If someone had told me a song about chicken soup would sit comfortably within an opera, I would have laughed at what I assume would have been an ‘in’ joke. Turns out chicken soup is in an opera, nestled amongst songs about excess hair, true love and hidden identity.
To enjoy this show it must be perceived in the light-hearted, slapstick fashion that the script demands. Comical moments are scattered throughout, although I suspect there should have been more, with laughs lost in the mayhem that unfolds, during the King’s Head Theatre’s chaotic performance.
…performers struggle to catch their breath to complete songs.
Sebastian Grand’s piano accompaniment is enjoyable, yet rather up-tempo and performers struggle to catch their breath to complete songs. Dickon Gough establishes an eccentric Dr. Bartleby, although even this begins to feel tiresome. The portrayal of love interest Rosina (Adriana Festen) lacks substance as a character, yet shows skill by hitting impressive notes during her solos.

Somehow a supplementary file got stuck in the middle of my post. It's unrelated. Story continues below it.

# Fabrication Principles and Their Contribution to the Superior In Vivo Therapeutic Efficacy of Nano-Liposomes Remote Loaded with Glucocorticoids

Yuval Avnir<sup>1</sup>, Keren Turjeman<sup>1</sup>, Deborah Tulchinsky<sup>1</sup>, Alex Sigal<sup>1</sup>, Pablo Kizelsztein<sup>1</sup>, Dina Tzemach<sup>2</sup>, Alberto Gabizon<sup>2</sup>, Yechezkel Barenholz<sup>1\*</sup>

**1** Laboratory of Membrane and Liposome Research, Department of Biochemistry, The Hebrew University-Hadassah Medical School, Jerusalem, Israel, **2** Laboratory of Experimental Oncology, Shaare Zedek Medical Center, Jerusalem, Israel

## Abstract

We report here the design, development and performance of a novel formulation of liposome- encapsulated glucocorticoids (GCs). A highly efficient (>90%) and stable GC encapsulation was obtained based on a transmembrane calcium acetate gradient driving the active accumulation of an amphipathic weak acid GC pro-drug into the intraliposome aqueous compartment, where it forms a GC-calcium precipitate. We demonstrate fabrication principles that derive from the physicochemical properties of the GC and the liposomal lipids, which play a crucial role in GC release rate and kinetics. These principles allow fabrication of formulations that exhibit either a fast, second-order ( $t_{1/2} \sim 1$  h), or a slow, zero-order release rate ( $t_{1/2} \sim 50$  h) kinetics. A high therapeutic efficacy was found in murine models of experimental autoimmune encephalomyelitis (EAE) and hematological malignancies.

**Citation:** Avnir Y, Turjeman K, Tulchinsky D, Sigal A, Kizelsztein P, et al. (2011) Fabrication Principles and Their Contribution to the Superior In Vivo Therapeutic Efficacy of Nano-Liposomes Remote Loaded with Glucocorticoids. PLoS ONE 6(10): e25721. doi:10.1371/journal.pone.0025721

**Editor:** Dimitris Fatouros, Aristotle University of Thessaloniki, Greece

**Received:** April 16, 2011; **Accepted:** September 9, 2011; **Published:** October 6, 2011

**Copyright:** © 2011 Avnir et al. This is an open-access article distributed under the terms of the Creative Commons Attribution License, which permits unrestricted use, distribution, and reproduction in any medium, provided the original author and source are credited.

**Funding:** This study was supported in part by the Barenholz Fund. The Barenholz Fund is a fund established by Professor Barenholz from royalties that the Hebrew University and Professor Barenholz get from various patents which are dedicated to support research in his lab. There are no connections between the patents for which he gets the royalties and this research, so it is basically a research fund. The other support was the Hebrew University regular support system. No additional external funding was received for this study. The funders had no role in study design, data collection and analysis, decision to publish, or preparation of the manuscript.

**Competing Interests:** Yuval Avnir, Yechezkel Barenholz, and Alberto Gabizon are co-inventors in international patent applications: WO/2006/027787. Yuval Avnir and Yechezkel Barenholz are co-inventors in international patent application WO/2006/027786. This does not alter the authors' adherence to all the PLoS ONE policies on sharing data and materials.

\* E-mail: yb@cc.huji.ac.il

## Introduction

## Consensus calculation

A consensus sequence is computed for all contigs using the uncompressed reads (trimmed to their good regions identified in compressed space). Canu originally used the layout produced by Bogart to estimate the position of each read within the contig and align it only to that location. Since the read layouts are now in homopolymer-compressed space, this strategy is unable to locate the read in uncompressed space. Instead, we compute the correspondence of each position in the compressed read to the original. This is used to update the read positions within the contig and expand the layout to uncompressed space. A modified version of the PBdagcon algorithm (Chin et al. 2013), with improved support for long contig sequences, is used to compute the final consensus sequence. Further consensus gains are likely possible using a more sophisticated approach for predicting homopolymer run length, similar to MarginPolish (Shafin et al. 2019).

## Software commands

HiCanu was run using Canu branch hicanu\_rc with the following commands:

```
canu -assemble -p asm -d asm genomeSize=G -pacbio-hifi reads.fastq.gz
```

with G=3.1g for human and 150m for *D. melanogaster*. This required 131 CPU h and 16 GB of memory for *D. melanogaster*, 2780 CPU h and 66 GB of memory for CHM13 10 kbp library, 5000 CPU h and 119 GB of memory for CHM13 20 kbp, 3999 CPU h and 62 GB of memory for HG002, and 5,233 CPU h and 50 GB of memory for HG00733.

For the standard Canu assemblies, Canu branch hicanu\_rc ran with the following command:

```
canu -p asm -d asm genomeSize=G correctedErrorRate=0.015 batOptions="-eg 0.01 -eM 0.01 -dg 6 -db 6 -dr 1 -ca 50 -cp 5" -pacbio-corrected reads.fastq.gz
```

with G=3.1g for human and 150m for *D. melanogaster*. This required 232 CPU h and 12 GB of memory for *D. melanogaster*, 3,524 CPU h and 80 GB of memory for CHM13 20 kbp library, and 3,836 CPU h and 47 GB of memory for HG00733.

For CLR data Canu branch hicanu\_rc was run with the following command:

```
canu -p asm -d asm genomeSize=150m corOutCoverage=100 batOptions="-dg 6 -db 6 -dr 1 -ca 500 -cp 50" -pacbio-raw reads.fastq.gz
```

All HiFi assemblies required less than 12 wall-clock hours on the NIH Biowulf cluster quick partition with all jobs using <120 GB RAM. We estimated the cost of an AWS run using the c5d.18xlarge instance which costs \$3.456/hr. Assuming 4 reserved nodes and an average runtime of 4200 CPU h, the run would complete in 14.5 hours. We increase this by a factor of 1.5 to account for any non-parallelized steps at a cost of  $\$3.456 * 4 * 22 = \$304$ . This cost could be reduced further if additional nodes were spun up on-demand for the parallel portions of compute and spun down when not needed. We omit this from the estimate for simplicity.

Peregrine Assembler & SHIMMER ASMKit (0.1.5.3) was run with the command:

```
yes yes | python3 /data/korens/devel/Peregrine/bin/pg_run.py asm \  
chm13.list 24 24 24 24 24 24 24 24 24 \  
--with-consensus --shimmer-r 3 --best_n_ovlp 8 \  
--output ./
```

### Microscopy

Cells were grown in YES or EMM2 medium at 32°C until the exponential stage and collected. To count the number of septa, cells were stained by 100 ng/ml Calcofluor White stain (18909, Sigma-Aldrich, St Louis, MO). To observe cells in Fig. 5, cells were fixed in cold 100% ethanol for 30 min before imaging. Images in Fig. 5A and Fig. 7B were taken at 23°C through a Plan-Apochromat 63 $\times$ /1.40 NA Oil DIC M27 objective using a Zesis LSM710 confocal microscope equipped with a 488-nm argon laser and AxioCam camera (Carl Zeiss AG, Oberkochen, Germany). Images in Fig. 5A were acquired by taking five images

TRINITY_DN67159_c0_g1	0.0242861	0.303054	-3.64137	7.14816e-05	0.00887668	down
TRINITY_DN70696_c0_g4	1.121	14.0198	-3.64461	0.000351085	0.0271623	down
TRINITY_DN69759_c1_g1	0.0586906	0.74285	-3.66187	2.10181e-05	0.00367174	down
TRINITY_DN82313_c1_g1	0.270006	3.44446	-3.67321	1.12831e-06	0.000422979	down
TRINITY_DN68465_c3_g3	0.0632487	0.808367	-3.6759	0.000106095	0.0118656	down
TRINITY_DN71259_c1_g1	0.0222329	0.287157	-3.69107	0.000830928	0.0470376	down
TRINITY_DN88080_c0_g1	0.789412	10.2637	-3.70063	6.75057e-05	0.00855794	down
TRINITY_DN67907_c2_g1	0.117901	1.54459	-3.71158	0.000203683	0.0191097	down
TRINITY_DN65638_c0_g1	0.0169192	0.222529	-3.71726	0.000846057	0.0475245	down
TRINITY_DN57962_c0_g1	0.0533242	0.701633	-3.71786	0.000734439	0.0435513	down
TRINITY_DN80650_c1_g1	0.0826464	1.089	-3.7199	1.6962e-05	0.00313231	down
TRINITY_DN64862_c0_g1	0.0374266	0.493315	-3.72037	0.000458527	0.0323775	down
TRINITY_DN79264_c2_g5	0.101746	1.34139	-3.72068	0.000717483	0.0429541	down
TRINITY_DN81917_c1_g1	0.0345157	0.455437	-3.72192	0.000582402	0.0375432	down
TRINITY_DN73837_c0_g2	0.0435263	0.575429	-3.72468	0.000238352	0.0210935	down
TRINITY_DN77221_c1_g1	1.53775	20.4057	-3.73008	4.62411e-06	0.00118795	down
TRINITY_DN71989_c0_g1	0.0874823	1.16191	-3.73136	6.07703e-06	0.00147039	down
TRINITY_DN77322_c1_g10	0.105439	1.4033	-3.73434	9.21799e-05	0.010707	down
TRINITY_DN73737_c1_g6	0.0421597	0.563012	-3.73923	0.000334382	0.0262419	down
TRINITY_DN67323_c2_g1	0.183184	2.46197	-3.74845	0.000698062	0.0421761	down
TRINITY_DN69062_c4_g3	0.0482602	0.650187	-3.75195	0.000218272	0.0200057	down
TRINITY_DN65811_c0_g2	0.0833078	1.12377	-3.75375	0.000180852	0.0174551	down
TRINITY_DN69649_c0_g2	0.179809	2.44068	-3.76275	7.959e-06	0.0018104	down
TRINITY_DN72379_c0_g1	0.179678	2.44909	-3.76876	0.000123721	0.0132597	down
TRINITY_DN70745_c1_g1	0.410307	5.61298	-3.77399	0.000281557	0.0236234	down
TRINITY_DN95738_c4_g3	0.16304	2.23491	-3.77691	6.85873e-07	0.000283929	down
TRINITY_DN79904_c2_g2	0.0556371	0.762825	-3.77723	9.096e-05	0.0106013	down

Therefore, leave your preconceptions at the door…
Opera virgins will find this a good introduction, whilst opera enthusiasts can expect to laugh along, but may leave feeling a little disappointed. Therefore, leave your preconceptions at the door and you will see that chicken soup really is a timeless remedy for all generic illnesses, men with moustaches can win the girl, and most importantly, money can buy you happiness. Be sure to remember that.
The Barber of Seville runs until 30th June.
Tickets stars at £15
Also at the King’s Head: La Bohème – check out our 5 Star review.